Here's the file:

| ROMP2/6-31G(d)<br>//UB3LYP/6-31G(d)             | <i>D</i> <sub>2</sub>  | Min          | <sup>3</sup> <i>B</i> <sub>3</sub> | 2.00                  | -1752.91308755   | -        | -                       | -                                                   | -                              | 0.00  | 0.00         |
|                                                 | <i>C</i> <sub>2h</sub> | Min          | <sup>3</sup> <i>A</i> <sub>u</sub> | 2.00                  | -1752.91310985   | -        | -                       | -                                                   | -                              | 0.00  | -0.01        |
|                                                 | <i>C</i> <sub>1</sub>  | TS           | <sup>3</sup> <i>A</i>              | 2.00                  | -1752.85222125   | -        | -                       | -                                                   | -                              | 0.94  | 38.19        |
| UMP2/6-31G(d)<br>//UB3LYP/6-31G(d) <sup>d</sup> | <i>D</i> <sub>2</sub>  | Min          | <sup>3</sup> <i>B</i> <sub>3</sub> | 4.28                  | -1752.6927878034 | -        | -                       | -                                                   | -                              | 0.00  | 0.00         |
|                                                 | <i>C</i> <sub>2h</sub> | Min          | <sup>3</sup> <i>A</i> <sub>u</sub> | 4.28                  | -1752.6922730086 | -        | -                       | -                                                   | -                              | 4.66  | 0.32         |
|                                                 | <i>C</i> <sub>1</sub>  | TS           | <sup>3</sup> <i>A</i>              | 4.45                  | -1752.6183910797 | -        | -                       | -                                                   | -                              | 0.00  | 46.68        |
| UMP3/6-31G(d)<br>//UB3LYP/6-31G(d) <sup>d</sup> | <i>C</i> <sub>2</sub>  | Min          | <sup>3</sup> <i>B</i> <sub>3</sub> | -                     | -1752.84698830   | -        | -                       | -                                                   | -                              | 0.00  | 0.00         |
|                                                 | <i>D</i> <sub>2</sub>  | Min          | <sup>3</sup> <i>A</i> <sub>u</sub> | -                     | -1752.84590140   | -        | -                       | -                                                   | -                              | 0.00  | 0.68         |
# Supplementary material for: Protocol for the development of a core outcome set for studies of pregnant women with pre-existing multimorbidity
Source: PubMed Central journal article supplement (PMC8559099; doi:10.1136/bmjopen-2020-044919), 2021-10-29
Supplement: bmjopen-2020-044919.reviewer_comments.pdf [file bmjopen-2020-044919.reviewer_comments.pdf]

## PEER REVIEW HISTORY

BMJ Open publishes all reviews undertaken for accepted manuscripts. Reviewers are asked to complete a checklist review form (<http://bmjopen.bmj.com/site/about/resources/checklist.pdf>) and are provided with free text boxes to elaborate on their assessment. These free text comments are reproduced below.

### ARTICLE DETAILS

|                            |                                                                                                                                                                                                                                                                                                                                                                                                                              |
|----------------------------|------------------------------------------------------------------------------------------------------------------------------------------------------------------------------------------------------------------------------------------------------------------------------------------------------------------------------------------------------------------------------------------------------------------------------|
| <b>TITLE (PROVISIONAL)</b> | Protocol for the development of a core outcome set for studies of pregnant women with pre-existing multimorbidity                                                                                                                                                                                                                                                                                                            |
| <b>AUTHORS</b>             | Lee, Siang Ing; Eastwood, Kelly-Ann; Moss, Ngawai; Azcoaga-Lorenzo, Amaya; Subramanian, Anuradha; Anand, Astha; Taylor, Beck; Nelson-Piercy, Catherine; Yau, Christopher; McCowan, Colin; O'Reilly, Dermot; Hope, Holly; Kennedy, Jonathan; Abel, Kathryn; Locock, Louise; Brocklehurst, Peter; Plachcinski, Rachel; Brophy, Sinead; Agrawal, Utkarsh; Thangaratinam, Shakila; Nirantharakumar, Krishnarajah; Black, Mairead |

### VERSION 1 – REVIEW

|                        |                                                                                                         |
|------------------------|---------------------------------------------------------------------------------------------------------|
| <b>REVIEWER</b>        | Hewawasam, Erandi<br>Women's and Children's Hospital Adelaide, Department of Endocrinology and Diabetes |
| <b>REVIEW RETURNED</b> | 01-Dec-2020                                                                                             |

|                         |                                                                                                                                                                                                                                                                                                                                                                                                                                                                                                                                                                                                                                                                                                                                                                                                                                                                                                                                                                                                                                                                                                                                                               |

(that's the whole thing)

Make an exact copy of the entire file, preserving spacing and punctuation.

| ROMP2/6-31G(d)<br>//UB3LYP/6-31G(d)             | <i>D</i> <sub>2</sub>  | Min          | <sup>3</sup> <i>B</i> <sub>3</sub> | 2.00                  | -1752.91308755   | -        | -                       | -                                                   | -                              | 0.00  | 0.00         |
|                                                 | <i>C</i> <sub>2h</sub> | Min          | <sup>3</sup> <i>A</i> <sub>u</sub> | 2.00                  | -1752.91310985   | -        | -                       | -                                                   | -                              | 0.00  | -0.01        |
|                                                 | <i>C</i> <sub>1</sub>  | TS           | <sup>3</sup> <i>A</i>              | 2.00                  | -1752.85222125   | -        | -                       | -                                                   | -                              | 0.94  | 38.19        |
| UMP2/6-31G(d)<br>//UB3LYP/6-31G(d) <sup>d</sup> | <i>D</i> <sub>2</sub>  | Min          | <sup>3</sup> <i>B</i> <sub>3</sub> | 4.28                  | -1752.6927878034 | -        | -                       | -                                                   | -                              | 0.00  | 0.00         |
|                                                 | <i>C</i> <sub>2h</sub> | Min          | <sup>3</sup> <i>A</i> <sub>u</sub> | 4.28                  | -1752.6922730086 | -        | -                       | -                                                   | -                              | 4.66  | 0.32         |
|                                                 | <i>C</i> <sub>1</sub>  | TS           | <sup>3</sup> <i>A</i>              | 4.45                  | -1752.6183910797 | -        | -                       | -                                                   | -                              | 0.00  | 46.68        |
| UMP3/6-31G(d)<br>//UB3LYP/6-31G(d) <sup>d</sup> | <i>C</i> <sub>2</sub>  | Min          | <sup>3</sup> <i>B</i> <sub>3</sub> | -                     | -1752.84698830   | -        | -                       | -                                                   | -                              | 0.00  | 0.00         |
|                                                 | <i>D</i> <sub>2</sub>  | Min          | <sup>3</sup> <i>A</i> <sub>u</sub> | -                     | -1752.84590140   | -        | -                       | -                                                   | -                              | 0.00  | 0.68         |
# Supplementary material for: Protocol for the development of a core outcome set for studies of pregnant women with pre-existing multimorbidity
Source: PubMed Central journal article supplement (PMC8559099; doi:10.1136/bmjopen-2020-044919), 2021-10-29
Supplement: bmjopen-2020-044919.reviewer_comments.pdf [file bmjopen-2020-044919.reviewer_comments.pdf]

## PEER REVIEW HISTORY

BMJ Open publishes all reviews undertaken for accepted manuscripts. Reviewers are asked to complete a checklist review form (<http://bmjopen.bmj.com/site/about/resources/checklist.pdf>) and are provided with free text boxes to elaborate on their assessment. These free text comments are reproduced below.

### ARTICLE DETAILS

|                            |                                                                                                                                                                                                                                                                                                                                                                                                                              |
|----------------------------|------------------------------------------------------------------------------------------------------------------------------------------------------------------------------------------------------------------------------------------------------------------------------------------------------------------------------------------------------------------------------------------------------------------------------|
| <b>TITLE (PROVISIONAL)</b> | Protocol for the development of a core outcome set for studies of pregnant women with pre-existing multimorbidity                                                                                                                                                                                                                                                                                                            |
| <b>AUTHORS</b>             | Lee, Siang Ing; Eastwood, Kelly-Ann; Moss, Ngawai; Azcoaga-Lorenzo, Amaya; Subramanian, Anuradha; Anand, Astha; Taylor, Beck; Nelson-Piercy, Catherine; Yau, Christopher; McCowan, Colin; O'Reilly, Dermot; Hope, Holly; Kennedy, Jonathan; Abel, Kathryn; Locock, Louise; Brocklehurst, Peter; Plachcinski, Rachel; Brophy, Sinead; Agrawal, Utkarsh; Thangaratinam, Shakila; Nirantharakumar, Krishnarajah; Black, Mairead |

### VERSION 1 – REVIEW

|                        |                                                                                                         |
|------------------------|---------------------------------------------------------------------------------------------------------|
| <b>REVIEWER</b>        | Hewawasam, Erandi<br>Women's and Children's Hospital Adelaide, Department of Endocrinology and Diabetes |
| <b>REVIEW RETURNED</b> | 01-Dec-2020                                                                                             |

|                         |                                                                                                                                                                                                                                                                                                                                                                                                                                                                                                                                                                                                                                                                                                                                                                                                                                                                                                                                                                                                                                                                                                                                                               |